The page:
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Freedom of religion in the United Arab Emirates

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Title: Freedom of religion in the United Arab Emirates  
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Subject: Bahá'í Faith in the United Arab Emirates, Freedom of religion, Freedom of religion in Saudi Arabia, Freedom of religion in Azerbaijan, Freedom of religion in Syria
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Freedom of religion in the United Arab Emirates

The Constitution of the United Arab Emirates provides for freedom of religion in accordance with established customs, and the government generally respects this right in practice; however, there were some restrictions. The federal Constitution declares that Islam is the official religion of the country.

Religious demography

The country has an area of 82,880 km² (30,000 sq. mi) and a non-permanent resident (as all work visas have a maximum renewable tenure of 2 years, previously 3 years) population of 7.4 million (2010 est.). Only 10% of residents are UAE citizens.[1] According to the 2005 census, 100% Of the citizens are Muslim; 85 percent are Sunni Muslim and 15 percent are Shi'a.[2] Foreigners are predominantly from South and Southeast Asia, although there are substantial numbers from the Middle East, Europe, Central Asia, the Commonwealth of Independent States, and North America. According to a ministry report, which collected census data, 76 percent of the total population is Muslim, 9 percent is Christian, and 15 percent is other. Unofficial figures estimate that at least 15 percent of the population is Hindu, 5 percent is Buddhist, and 5 percent belong to other religious groups, including Parsi, Bahá'í, and Sikh.[3]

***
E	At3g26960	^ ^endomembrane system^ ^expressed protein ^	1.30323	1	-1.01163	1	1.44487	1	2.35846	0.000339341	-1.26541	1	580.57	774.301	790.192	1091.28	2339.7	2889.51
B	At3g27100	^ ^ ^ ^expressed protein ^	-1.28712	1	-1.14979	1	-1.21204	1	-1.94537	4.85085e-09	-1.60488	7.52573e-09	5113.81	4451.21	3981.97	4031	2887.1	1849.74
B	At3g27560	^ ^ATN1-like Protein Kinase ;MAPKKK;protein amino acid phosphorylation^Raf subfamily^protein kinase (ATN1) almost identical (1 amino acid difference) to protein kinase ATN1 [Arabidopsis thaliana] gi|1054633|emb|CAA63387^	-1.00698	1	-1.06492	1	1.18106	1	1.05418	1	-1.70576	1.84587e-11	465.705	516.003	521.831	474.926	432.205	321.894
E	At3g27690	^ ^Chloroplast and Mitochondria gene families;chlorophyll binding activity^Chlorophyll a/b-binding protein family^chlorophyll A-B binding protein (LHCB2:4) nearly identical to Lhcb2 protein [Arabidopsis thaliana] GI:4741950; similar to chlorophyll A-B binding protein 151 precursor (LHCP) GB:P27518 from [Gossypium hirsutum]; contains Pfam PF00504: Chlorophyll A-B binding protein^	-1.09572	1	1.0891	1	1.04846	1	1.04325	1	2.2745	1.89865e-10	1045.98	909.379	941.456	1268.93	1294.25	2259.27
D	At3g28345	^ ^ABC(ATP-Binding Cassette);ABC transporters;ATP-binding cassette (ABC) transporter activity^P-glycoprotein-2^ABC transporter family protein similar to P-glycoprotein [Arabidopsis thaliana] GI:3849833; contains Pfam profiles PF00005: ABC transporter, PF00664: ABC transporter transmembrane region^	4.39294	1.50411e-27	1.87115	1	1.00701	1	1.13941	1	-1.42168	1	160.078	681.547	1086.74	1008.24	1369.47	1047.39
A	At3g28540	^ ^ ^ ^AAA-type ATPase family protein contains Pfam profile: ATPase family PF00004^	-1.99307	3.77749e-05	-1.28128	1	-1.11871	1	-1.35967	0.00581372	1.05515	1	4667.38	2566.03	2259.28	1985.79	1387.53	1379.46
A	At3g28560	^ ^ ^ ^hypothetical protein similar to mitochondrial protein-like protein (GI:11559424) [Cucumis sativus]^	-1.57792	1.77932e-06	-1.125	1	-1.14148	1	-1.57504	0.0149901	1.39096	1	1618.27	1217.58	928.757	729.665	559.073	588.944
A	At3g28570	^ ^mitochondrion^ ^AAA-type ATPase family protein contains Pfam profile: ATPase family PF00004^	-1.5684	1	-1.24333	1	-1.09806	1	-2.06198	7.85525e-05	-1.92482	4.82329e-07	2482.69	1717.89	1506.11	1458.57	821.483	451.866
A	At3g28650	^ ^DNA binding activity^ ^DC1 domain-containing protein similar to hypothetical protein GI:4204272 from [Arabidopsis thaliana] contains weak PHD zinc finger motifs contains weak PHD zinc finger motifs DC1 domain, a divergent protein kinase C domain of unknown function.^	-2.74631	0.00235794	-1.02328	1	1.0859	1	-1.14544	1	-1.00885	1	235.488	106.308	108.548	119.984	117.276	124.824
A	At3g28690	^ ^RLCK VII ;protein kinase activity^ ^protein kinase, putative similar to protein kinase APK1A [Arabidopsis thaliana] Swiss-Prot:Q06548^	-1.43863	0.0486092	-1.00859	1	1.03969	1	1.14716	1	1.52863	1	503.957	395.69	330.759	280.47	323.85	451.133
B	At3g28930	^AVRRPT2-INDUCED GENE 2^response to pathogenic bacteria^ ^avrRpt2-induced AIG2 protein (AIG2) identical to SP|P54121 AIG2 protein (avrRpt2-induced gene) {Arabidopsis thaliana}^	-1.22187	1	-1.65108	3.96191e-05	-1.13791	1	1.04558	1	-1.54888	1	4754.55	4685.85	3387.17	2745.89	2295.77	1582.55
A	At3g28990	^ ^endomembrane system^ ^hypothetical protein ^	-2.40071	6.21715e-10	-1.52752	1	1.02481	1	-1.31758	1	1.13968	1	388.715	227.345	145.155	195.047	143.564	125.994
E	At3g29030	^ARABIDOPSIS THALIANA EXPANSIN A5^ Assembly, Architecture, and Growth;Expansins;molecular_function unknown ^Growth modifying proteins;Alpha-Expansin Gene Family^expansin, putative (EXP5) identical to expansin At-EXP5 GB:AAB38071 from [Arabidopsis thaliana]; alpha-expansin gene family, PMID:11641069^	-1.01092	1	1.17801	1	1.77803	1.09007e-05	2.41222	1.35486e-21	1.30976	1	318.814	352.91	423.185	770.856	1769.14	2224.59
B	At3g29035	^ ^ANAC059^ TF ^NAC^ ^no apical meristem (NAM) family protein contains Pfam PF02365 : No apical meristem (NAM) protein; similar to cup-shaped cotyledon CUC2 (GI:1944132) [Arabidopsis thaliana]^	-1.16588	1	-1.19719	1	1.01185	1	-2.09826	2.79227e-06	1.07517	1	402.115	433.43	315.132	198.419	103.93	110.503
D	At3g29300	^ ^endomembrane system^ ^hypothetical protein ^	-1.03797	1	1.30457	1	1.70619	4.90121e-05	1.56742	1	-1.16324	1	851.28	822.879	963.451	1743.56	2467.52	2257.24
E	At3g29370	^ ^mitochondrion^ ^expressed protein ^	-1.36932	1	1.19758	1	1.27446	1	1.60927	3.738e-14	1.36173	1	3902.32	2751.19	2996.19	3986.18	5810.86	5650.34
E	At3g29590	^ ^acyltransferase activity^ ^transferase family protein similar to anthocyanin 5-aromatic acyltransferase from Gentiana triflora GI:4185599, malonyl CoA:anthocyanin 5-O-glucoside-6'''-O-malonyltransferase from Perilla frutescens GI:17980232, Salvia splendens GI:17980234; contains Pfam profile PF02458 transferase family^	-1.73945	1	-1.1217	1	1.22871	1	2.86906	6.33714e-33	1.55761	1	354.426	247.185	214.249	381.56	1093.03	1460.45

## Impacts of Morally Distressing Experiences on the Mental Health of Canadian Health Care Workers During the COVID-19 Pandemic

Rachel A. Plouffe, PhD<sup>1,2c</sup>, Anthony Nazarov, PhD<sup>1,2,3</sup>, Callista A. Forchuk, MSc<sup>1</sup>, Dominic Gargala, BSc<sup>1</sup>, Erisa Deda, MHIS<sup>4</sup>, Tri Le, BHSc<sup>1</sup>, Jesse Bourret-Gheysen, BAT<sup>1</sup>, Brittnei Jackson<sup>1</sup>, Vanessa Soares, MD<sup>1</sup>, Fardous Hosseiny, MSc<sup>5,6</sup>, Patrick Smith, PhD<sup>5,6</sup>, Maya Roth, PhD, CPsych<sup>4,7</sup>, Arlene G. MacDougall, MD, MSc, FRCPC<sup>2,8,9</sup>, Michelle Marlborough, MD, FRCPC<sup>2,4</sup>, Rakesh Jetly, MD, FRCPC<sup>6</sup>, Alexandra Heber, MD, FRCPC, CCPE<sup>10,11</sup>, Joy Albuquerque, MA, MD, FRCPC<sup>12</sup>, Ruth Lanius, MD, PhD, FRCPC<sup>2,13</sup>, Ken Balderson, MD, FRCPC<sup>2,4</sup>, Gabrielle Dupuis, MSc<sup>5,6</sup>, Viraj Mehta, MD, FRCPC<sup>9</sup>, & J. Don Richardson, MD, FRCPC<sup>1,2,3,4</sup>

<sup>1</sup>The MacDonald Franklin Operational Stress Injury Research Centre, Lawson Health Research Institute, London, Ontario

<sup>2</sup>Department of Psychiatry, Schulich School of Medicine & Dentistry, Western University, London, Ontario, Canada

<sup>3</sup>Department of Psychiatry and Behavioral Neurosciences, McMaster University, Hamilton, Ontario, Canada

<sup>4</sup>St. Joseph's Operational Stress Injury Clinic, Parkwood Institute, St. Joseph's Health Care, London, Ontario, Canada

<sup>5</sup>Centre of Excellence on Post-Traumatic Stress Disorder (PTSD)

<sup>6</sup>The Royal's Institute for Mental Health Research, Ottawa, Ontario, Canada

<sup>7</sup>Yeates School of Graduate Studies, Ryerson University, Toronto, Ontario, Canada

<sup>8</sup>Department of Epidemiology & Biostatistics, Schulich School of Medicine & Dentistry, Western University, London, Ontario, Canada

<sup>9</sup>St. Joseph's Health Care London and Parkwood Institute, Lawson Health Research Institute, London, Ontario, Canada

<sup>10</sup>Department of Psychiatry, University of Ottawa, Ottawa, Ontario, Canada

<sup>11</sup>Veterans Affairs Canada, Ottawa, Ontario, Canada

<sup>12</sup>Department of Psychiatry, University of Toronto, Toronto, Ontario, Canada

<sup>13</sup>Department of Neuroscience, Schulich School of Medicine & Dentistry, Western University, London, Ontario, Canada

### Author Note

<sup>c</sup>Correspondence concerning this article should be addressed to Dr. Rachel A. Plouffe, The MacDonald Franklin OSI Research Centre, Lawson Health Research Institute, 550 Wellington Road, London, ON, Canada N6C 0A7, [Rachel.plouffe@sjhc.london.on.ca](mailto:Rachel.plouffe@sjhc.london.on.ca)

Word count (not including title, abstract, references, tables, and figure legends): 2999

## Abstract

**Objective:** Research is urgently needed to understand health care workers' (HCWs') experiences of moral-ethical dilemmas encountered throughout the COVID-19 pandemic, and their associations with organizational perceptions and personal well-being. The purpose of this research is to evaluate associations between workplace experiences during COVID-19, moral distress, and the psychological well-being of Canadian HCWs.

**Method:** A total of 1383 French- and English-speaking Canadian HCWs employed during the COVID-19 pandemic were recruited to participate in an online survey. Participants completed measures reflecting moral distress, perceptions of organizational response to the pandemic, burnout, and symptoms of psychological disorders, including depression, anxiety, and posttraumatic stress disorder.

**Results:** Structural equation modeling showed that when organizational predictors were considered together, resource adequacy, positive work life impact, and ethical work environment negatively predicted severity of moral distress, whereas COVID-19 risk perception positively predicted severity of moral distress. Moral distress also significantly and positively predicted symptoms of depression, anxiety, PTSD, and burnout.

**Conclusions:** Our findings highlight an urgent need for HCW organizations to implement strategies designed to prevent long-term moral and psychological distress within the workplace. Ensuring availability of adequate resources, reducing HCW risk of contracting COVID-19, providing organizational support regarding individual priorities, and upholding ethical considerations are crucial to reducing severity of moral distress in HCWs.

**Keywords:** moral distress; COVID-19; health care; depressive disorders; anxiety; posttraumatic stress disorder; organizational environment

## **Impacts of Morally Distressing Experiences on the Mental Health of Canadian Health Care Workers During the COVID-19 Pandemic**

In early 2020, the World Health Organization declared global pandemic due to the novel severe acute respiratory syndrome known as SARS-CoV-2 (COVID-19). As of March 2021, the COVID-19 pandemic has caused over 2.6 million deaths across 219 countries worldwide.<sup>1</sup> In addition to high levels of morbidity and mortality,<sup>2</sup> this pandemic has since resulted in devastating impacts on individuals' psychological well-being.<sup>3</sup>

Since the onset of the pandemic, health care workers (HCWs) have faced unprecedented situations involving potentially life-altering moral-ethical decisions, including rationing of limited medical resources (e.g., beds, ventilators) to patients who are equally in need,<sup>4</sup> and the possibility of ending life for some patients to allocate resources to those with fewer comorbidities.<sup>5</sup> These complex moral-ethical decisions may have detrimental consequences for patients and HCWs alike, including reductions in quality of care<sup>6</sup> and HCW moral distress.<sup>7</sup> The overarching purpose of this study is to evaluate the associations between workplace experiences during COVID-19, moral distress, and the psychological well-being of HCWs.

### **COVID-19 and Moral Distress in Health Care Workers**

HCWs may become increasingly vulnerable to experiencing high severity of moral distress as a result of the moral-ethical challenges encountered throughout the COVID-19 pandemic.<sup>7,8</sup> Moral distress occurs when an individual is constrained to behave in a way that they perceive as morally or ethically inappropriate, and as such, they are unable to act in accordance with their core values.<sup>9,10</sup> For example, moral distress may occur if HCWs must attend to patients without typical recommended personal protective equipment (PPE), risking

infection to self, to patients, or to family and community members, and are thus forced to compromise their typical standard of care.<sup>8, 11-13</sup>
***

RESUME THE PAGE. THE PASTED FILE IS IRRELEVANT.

Religious discrimination

In recent years, a large number of [13][14]


Apostasy is a crime in the United Arab Emirates.[15] In 1978, UAE began the process of Islamising the nation's law, after its council of ministers voted to appoint a High Committee to identify all its laws that conflicted with Sharia. Among the many changes that followed, UAE incorporated hudud crimes of Sharia into its Penal Code - apostasy being one of them.[16] Article 1 and Article 66 of UAE's Penal Code requires hudud crimes to be punished with the death penalty.[17][18]

See also


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  15. ^ UAE - Laws Criminalizing Apostasy Library of Congress (May 2014)
  16. ^ Butti Sultan Butti Ali Al-Muhairi (1996), The Islamisation of Laws in the UAE: The Case of the Penal Code, Arab Law Quarterly, Vol. 11, No. 4 (1996), pp. 350-371
  17. ^ Articles of Law 3 of 1987, al Jarida al Rasmiyya, vol. 182, 8 December 1987
  18. ^ Al-Muhairi (1997), Conclusion to the Series of Articles on the UAE Penal Law. Arab Law Quarterly, Vol. 12, No. 4
  • [1] US department of state - background note:United Arab Emirates
  • [2] International Religious Freedom Report 2007 - UAE
  • United States Bureau of Democracy, Human Rights and Labor. United Arab Emirates: International Religious Freedom Report 2007. This article incorporates text from this source, which is in the public domain.
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